Upgrading the port is essential for the Solomon Islands’ economy and might not be military focused, but ‘it is not about bases, it is about access,’ an analyst said
The Solomon Islands has awarded a multimillion-dollar contract to a Chinese state company to upgrade an international port in Honiara in a project funded by the Asian Development Bank, a Solomon Islands official said yesterday.
China Civil Engineering Construction Co (CCECC) was the only company to submit a bid in the competitive tender, Solomon Islands Ministry of Infrastructure Development official Mike Qaqara said.
“This will be upgrading the old international port in Honiara and two domestic wharves in the provinces,” Qaqara said.
Responding to concerns that the port could be deepened for Chinese naval access, he said there would be “no expansion.”
The Solomon Islands struck a security pact with Beijing last year, prompting concern from the US and its allies, including Australia, Japan and New Zealand, over China’s ambitions to build a naval base in the region.
The Solomon Islands and China have denied the security pact would allow a naval base.
Delegations from China and the US are visiting Honiara this week, competing for influence in the strategically located Pacific islands nation.
Solomon Islands Prime Minister Manasseh Sogavare met China International Development Cooperation Agency vice chairman Tang Wenhong (唐文弘) on Tuesday and signed on to Beijing’s Global Development Initiative, his office said in a statement.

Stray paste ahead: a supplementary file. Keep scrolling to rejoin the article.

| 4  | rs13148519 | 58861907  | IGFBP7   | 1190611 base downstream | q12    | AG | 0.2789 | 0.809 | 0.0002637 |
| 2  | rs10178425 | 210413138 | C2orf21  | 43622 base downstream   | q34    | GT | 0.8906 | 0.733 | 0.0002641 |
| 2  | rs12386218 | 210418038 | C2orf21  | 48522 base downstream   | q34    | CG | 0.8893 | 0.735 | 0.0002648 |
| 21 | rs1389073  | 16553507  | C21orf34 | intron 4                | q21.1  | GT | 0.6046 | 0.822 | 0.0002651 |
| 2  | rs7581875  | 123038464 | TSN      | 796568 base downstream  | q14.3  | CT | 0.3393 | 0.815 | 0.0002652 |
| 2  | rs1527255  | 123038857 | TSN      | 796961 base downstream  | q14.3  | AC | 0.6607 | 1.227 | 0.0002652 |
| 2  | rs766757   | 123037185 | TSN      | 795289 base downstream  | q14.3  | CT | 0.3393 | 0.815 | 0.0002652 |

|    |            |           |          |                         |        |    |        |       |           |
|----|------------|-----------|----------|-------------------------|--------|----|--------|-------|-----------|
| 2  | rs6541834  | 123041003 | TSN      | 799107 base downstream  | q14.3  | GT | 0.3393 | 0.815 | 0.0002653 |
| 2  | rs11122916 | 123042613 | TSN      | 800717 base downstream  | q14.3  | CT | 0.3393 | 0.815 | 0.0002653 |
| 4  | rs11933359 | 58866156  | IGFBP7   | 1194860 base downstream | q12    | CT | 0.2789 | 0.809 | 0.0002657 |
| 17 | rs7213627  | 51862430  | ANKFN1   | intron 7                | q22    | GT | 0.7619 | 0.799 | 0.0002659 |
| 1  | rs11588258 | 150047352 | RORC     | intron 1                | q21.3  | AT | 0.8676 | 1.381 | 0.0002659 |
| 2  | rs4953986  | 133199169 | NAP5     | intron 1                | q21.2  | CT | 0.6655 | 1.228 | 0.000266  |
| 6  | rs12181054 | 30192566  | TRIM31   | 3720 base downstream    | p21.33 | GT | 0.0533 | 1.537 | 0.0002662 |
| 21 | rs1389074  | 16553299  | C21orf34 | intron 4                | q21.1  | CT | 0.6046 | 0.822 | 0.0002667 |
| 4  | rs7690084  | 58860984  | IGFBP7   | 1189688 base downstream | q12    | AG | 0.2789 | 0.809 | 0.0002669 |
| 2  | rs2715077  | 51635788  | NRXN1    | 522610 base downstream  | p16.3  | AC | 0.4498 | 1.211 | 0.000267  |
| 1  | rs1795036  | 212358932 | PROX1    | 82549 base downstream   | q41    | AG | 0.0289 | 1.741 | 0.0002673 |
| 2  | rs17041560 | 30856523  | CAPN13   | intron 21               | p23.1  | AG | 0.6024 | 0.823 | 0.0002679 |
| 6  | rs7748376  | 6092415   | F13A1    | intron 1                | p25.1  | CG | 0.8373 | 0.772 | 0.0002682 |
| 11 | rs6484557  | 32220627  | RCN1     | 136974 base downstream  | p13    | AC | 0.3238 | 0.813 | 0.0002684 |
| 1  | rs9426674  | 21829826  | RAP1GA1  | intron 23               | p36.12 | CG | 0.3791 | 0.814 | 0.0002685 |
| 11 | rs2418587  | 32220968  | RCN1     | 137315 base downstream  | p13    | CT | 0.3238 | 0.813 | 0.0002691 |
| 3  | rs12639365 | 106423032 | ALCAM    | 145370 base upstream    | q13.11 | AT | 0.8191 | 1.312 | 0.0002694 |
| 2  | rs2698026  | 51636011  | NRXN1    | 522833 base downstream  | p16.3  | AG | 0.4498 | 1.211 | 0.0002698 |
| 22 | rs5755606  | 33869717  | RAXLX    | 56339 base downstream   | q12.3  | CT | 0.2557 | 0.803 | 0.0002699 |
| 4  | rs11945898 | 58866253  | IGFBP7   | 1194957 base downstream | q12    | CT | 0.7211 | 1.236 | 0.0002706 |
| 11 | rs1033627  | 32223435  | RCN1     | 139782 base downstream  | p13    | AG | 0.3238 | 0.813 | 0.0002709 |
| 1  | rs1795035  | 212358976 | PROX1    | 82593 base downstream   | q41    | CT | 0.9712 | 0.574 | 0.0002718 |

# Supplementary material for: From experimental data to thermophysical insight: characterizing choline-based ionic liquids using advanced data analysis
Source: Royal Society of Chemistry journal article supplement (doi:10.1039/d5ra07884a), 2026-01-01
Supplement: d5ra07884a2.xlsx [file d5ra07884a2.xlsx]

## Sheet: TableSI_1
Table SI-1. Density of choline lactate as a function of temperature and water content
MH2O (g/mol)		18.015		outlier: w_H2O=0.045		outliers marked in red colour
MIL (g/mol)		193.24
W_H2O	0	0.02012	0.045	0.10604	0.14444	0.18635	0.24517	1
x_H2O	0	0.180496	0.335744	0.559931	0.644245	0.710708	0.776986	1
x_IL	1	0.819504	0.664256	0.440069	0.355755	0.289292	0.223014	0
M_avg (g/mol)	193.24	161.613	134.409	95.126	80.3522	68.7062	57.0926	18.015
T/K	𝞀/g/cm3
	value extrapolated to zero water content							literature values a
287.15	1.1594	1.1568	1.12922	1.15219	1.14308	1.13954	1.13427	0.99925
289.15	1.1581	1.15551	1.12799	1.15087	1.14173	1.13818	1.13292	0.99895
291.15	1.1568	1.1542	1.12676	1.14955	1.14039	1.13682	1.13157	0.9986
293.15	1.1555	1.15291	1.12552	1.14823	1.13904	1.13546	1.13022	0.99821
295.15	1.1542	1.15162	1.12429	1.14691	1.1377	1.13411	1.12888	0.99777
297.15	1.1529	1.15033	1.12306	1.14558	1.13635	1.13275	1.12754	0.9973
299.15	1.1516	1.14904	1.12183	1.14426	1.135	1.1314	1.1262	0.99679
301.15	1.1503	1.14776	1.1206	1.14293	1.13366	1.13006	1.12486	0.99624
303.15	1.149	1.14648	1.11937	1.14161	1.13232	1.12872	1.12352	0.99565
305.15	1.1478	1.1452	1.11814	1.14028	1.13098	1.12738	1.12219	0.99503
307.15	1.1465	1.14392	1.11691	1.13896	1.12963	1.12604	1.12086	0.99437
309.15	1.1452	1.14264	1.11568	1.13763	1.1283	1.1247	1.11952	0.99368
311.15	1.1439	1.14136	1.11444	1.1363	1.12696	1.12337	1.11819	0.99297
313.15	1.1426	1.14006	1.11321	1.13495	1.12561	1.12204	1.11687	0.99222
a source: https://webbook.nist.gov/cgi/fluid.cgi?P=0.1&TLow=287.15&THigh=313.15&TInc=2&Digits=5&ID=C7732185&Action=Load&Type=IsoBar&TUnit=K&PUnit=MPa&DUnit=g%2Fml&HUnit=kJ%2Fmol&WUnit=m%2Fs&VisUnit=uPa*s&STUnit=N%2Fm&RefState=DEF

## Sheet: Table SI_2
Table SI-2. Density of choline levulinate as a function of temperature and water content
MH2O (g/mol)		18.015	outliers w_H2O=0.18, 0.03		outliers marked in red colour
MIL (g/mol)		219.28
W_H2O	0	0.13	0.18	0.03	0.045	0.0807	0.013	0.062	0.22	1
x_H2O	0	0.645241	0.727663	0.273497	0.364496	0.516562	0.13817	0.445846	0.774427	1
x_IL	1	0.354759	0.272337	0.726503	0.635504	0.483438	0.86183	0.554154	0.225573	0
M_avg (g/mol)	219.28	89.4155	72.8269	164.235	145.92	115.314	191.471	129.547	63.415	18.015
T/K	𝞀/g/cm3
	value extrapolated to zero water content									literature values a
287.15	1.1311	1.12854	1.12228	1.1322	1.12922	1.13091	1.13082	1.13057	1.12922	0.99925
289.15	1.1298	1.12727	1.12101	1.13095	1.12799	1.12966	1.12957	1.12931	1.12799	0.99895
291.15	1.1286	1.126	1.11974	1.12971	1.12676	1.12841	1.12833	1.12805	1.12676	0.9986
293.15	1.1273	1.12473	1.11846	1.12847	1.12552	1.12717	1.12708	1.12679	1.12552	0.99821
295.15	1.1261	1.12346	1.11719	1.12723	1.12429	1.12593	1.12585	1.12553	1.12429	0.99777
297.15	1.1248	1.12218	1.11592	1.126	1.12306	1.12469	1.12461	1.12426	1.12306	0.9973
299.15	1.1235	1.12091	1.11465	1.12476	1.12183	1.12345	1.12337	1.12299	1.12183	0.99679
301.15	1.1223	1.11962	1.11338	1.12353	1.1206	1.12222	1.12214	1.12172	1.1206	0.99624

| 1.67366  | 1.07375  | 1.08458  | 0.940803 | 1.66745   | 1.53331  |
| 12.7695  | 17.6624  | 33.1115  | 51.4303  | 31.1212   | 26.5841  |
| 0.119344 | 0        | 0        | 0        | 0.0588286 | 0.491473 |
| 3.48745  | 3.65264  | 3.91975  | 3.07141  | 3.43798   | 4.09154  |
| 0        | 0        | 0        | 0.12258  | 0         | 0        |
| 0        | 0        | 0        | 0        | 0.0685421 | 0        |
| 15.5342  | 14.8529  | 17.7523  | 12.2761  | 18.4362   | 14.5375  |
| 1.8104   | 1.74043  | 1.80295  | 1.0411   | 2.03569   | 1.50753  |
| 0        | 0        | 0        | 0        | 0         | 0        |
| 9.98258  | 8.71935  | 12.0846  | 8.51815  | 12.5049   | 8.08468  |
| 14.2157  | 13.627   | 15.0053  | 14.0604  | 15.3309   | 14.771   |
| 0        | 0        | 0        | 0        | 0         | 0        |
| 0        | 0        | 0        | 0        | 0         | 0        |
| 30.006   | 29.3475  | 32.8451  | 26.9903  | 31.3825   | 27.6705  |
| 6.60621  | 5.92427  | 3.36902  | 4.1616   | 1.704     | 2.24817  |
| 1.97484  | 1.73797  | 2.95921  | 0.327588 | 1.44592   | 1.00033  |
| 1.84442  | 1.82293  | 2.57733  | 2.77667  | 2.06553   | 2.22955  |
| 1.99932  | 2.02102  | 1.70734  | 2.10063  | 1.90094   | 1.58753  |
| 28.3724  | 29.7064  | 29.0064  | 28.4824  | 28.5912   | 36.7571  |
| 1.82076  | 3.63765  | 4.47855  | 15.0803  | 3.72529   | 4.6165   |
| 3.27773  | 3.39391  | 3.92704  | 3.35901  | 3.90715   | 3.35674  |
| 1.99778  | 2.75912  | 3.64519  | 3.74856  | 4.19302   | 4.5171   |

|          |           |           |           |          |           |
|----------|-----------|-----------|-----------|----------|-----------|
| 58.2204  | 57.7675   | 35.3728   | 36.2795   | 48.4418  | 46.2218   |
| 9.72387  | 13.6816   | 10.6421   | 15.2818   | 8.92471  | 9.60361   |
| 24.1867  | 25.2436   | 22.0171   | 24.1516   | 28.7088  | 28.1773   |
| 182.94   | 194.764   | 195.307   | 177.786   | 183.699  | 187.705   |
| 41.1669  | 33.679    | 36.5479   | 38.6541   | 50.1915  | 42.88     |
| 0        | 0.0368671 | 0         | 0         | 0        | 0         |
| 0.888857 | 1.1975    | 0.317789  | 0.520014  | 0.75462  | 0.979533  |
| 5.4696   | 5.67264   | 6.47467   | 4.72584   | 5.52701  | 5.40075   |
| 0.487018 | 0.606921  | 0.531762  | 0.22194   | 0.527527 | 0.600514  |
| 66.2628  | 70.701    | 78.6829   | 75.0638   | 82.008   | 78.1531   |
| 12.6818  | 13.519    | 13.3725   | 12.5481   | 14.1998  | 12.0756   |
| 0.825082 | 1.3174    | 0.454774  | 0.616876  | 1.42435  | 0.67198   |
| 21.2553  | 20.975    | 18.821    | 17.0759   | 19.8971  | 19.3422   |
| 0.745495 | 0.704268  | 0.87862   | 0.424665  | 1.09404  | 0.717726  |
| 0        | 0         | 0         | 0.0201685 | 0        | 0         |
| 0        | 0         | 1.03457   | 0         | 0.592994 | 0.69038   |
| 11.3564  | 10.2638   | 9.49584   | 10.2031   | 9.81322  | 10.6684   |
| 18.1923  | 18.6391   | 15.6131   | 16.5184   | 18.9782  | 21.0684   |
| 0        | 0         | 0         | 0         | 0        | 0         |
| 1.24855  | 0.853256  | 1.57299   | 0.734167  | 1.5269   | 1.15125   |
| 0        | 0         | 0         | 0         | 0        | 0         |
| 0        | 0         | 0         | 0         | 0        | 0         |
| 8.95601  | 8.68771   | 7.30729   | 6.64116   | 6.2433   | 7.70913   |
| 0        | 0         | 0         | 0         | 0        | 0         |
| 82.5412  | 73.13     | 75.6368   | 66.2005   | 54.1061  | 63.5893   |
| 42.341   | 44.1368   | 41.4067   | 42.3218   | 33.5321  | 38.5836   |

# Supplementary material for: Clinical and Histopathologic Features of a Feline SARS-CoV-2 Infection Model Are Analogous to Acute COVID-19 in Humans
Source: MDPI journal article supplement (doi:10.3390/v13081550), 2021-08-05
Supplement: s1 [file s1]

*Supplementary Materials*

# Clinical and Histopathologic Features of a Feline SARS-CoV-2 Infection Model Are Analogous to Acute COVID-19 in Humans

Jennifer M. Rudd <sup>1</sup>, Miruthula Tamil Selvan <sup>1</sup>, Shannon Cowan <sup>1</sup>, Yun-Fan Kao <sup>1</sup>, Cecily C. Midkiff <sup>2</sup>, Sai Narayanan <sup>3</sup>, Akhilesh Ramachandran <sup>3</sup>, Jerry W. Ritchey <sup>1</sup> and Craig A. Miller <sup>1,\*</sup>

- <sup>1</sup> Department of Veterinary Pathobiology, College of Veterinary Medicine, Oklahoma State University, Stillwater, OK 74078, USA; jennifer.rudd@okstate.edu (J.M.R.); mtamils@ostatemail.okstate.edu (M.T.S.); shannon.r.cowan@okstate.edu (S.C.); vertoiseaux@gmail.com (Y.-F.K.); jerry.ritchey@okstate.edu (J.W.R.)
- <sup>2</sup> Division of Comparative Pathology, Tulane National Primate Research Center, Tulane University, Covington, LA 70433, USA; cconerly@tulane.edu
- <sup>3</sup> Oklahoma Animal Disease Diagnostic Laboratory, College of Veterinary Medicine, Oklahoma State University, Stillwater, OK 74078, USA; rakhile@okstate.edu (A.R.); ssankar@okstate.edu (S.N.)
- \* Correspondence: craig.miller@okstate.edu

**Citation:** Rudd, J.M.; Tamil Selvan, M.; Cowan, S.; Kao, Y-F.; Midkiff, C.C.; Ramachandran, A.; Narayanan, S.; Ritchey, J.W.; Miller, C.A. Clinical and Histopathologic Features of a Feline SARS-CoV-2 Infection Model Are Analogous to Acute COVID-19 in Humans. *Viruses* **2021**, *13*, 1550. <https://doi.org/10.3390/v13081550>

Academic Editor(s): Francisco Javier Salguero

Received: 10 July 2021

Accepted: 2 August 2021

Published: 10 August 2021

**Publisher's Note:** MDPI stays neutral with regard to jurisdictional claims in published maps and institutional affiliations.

The Chinese aid agency has funded infrastructure projects since Sogavare switched diplomatic recognition to Beijing from Taipei in 2019, and development cooperation with China would be strengthened, the office added.
Sogavare also held “strategic dialogue” with a visiting US delegation, at which US National Security Council Coordinator for the Indo-Pacific Kurt Campbell “reiterated our support for a free, open, secure, and prosperous Solomon Islands,” the US embassy in Honiara said in a statement.
The port reconstruction deal is part of a US$170 million project funded by the Asian Development Bank to upgrade roads and wharves, which saw CCECC awarded the roads component last year, the government of the Solomon Islands said.
“This will see the rehabilitation of the old Honiara international port and construction of the Honiara domestic port and two provincial ports,” the government said in a statement.
Samoan Prime Minister Fiame Naomi Mata’afa, who was among 10 Pacific island leaders who declined to sign a regional security and trade pact with China in June last year, told reporters in Australia that “this is a commercial port, although I think the fears are it might morph into something else … dual purpose.”
“Other countries also have military or naval stations within the region,” she added.
Wharves were essential for the Solomon Islands economic development, but were they also “dual purpose” facilities that could give China’s navy access to the region, said Peter Connolly, who is researching China’s Pacific infrastructure projects at Australian National University.
“It is not about bases, it is about access,” Connolly, a former military officer, said, referring to the security pact between Honiara and Beijing.
Writing in Australian Foreign Affairs this month, Connolly said that the Asian Development Bank infrastructure contracts in the Pacific islands had been dominated by Chinese state companies who offered the lowest bids.
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